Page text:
The “fiscal cliff” deal will lead to a minor but immediate reduction in funds for Oklahoma's state budget, even as federal officials begin considering spending cuts that could have a bigger impact on the state, officials said Wednesday.
Oklahoma will get less income tax revenue than what was projected last month when a state budget board put together an estimate of how much money lawmakers would have available to appropriate this year, said John Estus, spokesman for the Office of Management and Enterprise Services.
“The board had to certify funds based on current law at the time of certification, and last month the law said federal taxes would be higher across the board on Jan. 1 due to the expiring (President George W.) Bush tax cuts,” Estus said.
“Now that most of those rates are going to be lower, state income tax collections will most likely be lower because the state income tax code is tied in part to the federal income tax code.”
About $50 million of the $2.1 billion in projected revenue that personal income taxes are to bring in for the 2014 fiscal year, which begins July 1, resulted from the higher federal income tax rates that at the time were set to take effect Jan. 1, Estus said. It's projected lawmakers will have about $7 billion to appropriate this year, an increase of $215 million compared with last year.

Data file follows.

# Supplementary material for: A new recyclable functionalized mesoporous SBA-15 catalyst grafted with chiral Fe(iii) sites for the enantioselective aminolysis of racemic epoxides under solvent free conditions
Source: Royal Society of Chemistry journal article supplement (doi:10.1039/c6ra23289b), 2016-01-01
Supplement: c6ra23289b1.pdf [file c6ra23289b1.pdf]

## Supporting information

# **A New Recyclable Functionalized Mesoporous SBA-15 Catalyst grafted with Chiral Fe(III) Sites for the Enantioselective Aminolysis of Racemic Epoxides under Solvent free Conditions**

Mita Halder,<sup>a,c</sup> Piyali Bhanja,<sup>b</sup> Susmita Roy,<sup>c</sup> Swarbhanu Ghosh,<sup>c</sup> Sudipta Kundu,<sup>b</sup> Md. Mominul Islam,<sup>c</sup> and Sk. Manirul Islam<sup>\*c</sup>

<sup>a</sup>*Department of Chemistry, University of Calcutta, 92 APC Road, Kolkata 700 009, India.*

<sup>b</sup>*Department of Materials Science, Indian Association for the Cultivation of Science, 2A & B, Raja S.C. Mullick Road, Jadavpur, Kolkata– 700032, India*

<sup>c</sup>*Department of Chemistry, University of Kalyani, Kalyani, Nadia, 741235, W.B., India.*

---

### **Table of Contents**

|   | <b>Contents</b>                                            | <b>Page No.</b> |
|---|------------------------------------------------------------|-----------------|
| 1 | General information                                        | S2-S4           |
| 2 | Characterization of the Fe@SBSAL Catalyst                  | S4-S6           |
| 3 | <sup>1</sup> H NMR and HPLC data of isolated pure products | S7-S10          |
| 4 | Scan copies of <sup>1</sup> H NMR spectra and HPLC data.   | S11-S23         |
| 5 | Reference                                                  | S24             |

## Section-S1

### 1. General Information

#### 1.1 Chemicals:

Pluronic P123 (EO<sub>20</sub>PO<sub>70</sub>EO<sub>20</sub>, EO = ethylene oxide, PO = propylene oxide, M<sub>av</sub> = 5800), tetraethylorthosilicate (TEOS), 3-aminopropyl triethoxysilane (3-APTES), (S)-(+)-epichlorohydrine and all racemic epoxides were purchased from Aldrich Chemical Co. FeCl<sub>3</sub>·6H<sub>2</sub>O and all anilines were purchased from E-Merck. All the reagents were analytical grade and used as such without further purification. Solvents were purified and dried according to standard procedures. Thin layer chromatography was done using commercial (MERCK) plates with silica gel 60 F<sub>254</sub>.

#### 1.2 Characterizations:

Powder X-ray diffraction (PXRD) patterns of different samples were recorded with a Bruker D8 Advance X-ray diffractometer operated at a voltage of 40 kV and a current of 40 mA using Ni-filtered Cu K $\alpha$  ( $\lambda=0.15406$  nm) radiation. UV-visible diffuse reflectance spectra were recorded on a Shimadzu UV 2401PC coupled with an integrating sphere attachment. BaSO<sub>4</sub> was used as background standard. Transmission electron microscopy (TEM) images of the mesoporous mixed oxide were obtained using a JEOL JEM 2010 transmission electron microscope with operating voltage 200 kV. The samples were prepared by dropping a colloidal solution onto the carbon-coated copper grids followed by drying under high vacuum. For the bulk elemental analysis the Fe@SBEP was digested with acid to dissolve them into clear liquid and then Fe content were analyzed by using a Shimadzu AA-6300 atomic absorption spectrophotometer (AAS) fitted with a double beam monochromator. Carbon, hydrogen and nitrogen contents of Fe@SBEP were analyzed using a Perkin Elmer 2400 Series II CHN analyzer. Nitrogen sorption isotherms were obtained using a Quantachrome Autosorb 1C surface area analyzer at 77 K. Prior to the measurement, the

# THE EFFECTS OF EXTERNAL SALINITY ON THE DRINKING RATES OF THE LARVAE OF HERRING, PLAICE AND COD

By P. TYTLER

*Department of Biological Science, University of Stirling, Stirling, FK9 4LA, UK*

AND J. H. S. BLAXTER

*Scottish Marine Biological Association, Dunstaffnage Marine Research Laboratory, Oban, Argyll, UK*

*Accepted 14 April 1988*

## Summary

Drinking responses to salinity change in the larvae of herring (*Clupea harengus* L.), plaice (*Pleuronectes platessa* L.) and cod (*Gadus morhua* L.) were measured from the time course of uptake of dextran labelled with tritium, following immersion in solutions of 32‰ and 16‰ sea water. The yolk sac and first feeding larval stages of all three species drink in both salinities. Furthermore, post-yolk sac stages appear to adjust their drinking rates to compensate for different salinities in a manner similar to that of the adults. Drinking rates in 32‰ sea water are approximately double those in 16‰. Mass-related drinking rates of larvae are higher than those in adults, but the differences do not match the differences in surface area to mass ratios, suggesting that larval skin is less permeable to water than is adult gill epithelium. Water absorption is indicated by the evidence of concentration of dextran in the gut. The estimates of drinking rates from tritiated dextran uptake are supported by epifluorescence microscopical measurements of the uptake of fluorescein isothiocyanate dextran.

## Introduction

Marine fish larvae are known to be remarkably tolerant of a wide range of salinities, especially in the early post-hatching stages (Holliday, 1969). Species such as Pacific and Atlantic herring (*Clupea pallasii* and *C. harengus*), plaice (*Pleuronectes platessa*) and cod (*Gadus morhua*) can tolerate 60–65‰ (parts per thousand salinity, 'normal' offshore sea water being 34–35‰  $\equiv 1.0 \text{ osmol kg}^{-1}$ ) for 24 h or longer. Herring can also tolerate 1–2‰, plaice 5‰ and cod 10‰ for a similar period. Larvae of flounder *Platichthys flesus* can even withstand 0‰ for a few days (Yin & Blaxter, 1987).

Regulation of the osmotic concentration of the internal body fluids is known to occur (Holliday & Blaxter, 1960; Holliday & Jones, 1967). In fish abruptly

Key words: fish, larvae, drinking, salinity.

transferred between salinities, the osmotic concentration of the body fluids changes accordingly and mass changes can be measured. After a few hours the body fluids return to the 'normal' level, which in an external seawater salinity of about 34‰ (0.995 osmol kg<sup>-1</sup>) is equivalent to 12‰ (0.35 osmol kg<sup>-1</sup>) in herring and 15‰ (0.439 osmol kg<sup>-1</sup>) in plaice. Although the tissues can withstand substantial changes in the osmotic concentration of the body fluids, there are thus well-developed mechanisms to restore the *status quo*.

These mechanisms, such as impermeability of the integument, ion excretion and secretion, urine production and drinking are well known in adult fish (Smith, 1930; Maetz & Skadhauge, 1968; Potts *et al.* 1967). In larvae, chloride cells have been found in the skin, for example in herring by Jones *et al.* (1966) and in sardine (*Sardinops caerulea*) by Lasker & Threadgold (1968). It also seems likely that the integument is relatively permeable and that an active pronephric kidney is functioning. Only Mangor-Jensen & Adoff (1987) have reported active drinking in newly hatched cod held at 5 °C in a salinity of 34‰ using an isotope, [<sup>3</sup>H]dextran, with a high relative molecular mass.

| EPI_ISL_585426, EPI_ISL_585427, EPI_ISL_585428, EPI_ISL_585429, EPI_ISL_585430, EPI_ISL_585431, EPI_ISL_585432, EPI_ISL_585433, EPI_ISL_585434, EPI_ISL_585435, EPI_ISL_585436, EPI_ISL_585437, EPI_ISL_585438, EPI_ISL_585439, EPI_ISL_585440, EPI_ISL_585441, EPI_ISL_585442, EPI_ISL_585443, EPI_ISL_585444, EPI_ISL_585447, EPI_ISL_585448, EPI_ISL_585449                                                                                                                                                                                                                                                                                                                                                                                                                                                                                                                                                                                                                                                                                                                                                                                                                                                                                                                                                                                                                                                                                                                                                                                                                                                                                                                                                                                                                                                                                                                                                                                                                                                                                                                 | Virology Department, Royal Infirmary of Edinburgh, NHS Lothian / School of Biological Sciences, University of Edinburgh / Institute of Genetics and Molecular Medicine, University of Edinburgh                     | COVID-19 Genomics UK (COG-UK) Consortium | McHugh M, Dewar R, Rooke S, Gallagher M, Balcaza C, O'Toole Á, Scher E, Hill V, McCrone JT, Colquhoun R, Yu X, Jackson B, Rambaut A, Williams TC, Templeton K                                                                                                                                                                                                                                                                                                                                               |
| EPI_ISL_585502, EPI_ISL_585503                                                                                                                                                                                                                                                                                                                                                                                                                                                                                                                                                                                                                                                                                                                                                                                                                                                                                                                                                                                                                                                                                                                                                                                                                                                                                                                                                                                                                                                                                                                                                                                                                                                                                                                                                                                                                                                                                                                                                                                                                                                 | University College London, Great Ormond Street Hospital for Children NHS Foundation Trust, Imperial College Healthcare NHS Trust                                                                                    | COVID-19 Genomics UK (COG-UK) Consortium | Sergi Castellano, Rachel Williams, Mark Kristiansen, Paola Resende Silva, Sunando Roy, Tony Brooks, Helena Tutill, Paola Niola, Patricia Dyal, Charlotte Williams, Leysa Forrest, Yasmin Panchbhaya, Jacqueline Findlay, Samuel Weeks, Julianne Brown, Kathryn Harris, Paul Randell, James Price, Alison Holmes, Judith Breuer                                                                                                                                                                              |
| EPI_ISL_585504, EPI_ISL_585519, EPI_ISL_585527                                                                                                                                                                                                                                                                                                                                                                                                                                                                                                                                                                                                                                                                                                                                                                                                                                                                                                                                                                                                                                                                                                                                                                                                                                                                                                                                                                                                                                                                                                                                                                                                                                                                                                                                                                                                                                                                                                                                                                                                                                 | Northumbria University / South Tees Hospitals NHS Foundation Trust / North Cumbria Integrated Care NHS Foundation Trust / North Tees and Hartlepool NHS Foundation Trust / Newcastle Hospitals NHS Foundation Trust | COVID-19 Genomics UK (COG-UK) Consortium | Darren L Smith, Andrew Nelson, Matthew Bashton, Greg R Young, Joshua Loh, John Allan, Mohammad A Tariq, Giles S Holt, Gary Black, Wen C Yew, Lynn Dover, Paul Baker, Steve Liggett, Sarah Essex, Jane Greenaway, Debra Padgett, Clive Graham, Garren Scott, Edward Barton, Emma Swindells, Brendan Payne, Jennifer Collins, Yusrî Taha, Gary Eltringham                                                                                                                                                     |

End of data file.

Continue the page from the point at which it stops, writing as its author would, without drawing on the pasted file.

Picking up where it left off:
The Oklahoma Tax Commission will recalculate personal income tax revenue estimates based on the “fiscal cliff” deal before next month, when it determines a final amount that lawmakers will have to appropriate.
“We don't expect total state revenues for appropriations to change markedly, but that will depend on a number of factors, including any changes in growth projections for various revenue sources,” Estus said. “The Tax Commission will have two more months of revenue collections to take into consideration when it recalculates estimates that will be presented to the Board of Equalization in February.”
Oklahoma budget officials projected that the federal “cliff,” or sequestration, could result in the state losing $137 million in direct federal funding as a result of automatic, governmentwide spending cuts that were to take effect Jan. 1.
Estus said it's unknown whether Oklahoma will still lose federal funds because the sequester was delayed by two months.
“But for now, no federal funds have been lost,” he said.
Gov. Mary Fallin believes the last-minute compromise reached by Congress and the White House to avert the “fiscal cliff” amounts to a short term, Band-Aid solution to the country's long-term revenue and deficit problems, a spokesman said.
“While she is happy that tax increases were avoided for the majority of Americans and Oklahomans, the deal does nothing to address unsustainable entitlement spending or government waste,” said Alex Weintz, Fallin's communications director. “Furthermore, the short-term and last-minute nature of the compromise continues to add uncertainty and instability to the economy, hampering economic growth.”